I needed to vent this morning. I needed to let my guard down and be real about something I was feeling. I needed a safe place. I mentally ticked off each “space” that I have deemed safe in my life and played out in my mind what it would look like if I were to vent in any of them.
I was disheartened when I realized that these places are safe only as long as I receive what I want to receive from them. I knew I would have to preface what I shared by saying, “I don’t need advice, I just need to be heard.” But as I replayed similar venting sessions from the past, I realized that I would get a lot more “Well, maybe you should’s” and “What if you’s,” and while there is a time and a place for those, today all I needed was someone to say, “That really sucks.”
I stood in my kitchen making my breakfast, trying to figure out where in the world I could take my hurt, find validation, and be heard the way I needed. I was upset that none of my self-declared safe places were going to offer those things. Suddenly the phrase, “safe place” ceased to hold value in my heart.
It occurred to me that when our safe places are made of up human beings, they’re never truly safe. Every person comes with their own worldview based on their experiences, and their own ideas about how to resolve conflict and how to process pain. What they have to offer may be completely the opposite of what I’m needing, and vice versa.
We can enjoy camaraderie and vulnerability in those spaces, sure. We can spur each other on toward healing and wholeness and speak as much truth as we have to give, but because we are all so full of our own humanity, we will eventually and inevitably fail at fulfilling someone else’s needs. We can’t have the right answer 100% of the time for 100% of the people.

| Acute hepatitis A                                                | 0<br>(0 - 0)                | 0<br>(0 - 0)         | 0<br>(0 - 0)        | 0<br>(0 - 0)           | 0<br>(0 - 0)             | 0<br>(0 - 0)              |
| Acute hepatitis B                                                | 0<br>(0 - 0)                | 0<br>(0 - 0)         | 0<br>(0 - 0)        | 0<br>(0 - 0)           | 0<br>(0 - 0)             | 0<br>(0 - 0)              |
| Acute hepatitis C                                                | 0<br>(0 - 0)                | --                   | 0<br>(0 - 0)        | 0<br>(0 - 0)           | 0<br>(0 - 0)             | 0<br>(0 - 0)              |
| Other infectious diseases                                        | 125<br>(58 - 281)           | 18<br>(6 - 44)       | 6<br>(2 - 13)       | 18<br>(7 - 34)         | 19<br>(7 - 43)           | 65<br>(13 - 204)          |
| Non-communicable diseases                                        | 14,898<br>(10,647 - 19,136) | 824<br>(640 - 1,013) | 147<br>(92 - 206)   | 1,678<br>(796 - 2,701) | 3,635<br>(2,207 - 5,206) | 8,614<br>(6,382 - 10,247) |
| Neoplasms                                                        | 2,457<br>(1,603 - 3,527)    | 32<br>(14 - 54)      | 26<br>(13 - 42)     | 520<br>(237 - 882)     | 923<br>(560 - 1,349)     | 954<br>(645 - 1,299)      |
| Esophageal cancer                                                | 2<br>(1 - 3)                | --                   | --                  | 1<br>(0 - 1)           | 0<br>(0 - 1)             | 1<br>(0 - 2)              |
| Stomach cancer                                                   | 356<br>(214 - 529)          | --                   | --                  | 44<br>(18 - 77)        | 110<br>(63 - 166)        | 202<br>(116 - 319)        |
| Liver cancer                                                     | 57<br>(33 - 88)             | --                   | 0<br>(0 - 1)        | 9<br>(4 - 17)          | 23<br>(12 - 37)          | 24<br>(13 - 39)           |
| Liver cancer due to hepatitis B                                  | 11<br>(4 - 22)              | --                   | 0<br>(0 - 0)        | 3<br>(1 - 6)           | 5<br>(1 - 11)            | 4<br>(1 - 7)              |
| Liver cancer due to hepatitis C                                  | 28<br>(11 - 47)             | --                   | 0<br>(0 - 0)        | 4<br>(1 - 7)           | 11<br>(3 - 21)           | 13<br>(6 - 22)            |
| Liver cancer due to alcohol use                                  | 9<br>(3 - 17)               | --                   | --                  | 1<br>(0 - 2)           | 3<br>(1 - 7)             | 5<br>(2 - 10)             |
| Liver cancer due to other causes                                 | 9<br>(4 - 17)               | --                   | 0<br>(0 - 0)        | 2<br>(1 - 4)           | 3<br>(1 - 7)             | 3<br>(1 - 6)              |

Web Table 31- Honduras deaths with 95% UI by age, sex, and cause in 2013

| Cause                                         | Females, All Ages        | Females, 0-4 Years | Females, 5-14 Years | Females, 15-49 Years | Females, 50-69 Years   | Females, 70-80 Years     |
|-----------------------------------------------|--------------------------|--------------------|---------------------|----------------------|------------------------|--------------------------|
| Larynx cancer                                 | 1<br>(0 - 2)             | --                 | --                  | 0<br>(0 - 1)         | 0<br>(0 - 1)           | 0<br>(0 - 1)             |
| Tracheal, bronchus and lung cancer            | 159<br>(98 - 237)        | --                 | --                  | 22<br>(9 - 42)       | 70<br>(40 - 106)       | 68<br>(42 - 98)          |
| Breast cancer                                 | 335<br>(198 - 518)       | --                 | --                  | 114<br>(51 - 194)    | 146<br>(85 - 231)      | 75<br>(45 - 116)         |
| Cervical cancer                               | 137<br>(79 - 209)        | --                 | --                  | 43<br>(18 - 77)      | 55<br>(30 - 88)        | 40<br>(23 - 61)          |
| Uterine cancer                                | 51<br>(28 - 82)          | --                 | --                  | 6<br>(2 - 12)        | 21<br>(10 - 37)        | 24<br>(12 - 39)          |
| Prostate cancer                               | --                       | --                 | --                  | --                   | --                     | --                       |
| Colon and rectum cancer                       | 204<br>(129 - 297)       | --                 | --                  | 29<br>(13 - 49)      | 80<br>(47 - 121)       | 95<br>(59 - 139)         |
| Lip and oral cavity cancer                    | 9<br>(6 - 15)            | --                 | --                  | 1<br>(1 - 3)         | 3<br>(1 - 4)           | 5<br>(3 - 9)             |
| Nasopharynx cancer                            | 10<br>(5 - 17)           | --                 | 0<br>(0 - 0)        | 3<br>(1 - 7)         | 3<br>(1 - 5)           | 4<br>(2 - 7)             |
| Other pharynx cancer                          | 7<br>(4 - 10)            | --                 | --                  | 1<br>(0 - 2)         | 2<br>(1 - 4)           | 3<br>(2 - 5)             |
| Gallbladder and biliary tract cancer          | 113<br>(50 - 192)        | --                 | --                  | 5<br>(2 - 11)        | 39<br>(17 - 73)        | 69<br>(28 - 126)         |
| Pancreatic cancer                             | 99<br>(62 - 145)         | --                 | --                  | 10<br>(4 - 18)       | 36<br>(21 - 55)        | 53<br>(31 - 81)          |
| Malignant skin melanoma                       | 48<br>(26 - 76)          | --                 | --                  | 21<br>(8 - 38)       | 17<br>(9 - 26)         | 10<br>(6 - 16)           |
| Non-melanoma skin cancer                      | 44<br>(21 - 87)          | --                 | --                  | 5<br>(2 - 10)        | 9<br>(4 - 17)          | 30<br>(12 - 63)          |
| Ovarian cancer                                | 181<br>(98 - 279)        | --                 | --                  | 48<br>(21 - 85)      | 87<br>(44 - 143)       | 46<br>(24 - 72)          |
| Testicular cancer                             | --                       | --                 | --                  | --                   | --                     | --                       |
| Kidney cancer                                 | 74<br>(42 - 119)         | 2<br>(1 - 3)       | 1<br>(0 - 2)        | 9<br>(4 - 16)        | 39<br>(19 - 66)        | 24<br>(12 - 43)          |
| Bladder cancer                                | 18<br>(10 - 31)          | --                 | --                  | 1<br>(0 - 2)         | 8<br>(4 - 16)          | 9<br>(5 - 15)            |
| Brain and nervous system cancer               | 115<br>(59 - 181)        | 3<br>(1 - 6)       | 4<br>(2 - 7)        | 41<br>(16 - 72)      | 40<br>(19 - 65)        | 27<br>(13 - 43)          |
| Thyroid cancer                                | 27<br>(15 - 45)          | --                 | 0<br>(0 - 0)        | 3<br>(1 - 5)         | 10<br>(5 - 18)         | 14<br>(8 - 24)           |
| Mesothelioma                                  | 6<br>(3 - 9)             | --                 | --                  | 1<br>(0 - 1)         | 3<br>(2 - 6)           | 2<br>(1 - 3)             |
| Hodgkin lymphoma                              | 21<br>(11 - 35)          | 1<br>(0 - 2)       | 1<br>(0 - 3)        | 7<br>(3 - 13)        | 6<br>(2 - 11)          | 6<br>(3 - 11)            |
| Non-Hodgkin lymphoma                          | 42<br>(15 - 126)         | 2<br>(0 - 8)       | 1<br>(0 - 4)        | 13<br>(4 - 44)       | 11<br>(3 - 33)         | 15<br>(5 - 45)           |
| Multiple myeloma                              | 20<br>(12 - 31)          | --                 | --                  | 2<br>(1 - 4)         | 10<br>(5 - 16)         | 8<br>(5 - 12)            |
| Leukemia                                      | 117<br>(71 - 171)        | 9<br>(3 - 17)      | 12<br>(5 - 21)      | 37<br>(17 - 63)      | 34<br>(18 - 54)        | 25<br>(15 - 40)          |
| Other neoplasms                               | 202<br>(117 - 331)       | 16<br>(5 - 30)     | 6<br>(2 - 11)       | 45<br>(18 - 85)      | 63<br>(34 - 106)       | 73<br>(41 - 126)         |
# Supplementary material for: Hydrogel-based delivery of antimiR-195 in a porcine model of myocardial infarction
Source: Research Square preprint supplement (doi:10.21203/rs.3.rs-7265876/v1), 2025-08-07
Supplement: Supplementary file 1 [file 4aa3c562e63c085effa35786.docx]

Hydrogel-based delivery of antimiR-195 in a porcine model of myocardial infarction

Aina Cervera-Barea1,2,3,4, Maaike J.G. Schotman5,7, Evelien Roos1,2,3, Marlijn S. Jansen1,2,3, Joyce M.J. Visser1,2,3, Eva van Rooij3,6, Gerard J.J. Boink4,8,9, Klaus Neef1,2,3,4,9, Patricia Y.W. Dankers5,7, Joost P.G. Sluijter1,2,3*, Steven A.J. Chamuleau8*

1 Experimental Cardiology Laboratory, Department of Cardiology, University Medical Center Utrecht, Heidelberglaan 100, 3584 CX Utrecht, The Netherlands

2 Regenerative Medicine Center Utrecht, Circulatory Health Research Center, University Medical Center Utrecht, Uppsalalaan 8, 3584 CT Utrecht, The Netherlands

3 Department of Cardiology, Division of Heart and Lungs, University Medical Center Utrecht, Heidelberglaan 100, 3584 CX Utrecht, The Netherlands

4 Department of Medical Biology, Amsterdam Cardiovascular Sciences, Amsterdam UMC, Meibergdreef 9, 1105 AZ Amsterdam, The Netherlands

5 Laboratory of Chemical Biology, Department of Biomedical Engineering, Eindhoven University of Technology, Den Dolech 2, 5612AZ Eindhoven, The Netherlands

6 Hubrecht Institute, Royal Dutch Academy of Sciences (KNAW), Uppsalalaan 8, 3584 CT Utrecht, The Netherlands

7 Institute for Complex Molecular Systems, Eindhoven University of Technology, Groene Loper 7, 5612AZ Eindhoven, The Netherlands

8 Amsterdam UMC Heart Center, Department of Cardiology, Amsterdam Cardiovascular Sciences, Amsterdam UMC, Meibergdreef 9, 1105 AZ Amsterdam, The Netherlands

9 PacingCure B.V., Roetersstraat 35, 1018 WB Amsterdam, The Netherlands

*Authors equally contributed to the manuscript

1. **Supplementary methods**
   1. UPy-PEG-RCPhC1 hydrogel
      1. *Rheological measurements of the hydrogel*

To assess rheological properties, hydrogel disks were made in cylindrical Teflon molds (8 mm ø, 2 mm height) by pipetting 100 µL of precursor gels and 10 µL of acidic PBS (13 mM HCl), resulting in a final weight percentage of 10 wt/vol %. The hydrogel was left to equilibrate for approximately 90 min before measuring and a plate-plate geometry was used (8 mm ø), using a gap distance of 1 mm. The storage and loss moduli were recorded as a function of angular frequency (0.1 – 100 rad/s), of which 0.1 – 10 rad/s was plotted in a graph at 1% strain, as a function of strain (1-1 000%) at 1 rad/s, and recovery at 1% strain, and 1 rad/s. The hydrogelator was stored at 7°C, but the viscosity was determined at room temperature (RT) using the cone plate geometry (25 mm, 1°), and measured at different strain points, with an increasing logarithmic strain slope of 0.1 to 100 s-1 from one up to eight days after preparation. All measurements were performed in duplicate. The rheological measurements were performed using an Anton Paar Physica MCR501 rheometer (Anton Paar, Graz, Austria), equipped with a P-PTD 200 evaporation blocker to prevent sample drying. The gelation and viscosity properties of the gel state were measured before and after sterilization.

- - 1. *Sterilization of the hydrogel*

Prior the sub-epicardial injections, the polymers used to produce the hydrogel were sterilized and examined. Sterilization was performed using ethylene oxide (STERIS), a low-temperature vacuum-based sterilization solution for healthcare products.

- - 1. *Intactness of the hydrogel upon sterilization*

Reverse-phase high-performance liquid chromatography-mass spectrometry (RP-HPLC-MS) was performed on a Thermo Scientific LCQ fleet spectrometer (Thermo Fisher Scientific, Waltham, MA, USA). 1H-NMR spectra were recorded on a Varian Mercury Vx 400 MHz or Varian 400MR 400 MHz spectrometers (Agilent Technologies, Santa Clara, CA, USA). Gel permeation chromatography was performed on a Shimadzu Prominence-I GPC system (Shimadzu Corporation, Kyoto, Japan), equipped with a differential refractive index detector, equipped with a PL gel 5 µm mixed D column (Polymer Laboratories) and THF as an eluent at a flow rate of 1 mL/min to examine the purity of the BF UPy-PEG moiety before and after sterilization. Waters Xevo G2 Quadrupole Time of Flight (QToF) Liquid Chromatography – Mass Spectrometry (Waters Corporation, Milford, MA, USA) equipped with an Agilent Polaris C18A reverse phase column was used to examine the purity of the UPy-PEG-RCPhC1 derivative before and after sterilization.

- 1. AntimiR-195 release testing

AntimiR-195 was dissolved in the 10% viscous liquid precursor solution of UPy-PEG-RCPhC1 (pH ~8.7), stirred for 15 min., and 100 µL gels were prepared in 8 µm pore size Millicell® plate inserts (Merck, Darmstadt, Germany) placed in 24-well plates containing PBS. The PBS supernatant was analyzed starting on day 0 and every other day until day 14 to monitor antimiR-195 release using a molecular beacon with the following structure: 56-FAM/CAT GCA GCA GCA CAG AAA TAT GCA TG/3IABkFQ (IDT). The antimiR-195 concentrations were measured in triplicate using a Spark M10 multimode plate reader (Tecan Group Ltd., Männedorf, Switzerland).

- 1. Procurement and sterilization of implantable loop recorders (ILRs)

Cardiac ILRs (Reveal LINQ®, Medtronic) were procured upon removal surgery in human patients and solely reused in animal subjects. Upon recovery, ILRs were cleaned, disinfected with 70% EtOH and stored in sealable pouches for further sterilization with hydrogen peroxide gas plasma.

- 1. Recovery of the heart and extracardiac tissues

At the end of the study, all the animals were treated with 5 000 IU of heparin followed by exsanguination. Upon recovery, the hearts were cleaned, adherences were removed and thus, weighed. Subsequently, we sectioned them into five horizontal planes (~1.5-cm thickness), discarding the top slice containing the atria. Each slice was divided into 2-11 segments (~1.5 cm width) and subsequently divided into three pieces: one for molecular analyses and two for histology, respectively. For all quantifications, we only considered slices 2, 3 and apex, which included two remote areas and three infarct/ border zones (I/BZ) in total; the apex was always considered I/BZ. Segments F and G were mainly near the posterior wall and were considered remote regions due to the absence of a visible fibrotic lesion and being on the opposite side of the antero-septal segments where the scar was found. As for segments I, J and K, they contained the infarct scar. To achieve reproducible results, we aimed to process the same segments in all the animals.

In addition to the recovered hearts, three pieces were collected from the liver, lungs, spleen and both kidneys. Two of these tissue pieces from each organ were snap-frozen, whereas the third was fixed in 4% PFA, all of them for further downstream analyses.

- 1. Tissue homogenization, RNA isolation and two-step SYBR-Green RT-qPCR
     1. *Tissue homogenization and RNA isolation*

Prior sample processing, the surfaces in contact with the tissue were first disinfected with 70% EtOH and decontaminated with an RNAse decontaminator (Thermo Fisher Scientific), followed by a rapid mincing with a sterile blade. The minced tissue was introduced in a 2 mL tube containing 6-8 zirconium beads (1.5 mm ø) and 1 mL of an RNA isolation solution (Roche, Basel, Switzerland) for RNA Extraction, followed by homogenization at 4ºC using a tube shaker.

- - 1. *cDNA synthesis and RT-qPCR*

This means that there is no true safe place on earth. There is no group of people, fellowship, club, or organization that will ever be everything I need it to be. Someone will always fail, someone will always say the wrong thing, or have an opposing view. That doesn’t mean we don’t continue on in transparency and vulnerability, it means that we do so at our own risk.
When we are met with those opposing views we have to decide what to do with them because we’ve essentially invited them by opening ourselves up. Of course there are times when the hard words are the ones we need to hear, even when they hurt. The point is that no matter what feedback we’re receiving, our places of refuge are no more or less safe because of that feedback. I venture to say that they were never safe to begin with.
We do have a safe place, though, and it is the only place we can go to receive that which we truly need.
After I determined that my earthly fortresses would fail me, I took my hurting heart to the Father who always has the right answer, who knows exactly how to tend my wounds, and who knows when to speak and when to listen. He is the only safe place, and the only true source of comfort.
It was a good reminder for me this morning, that while I love people and value wisdom and words from others who’ve gone before me or who walk beside me, there will inevitably come a day when their words will not be the ones I need to hear, and may even hurt my heart a little. I need to remember that the very first safe place I should to turn to is the spot reserved for me at the feet of my Savior.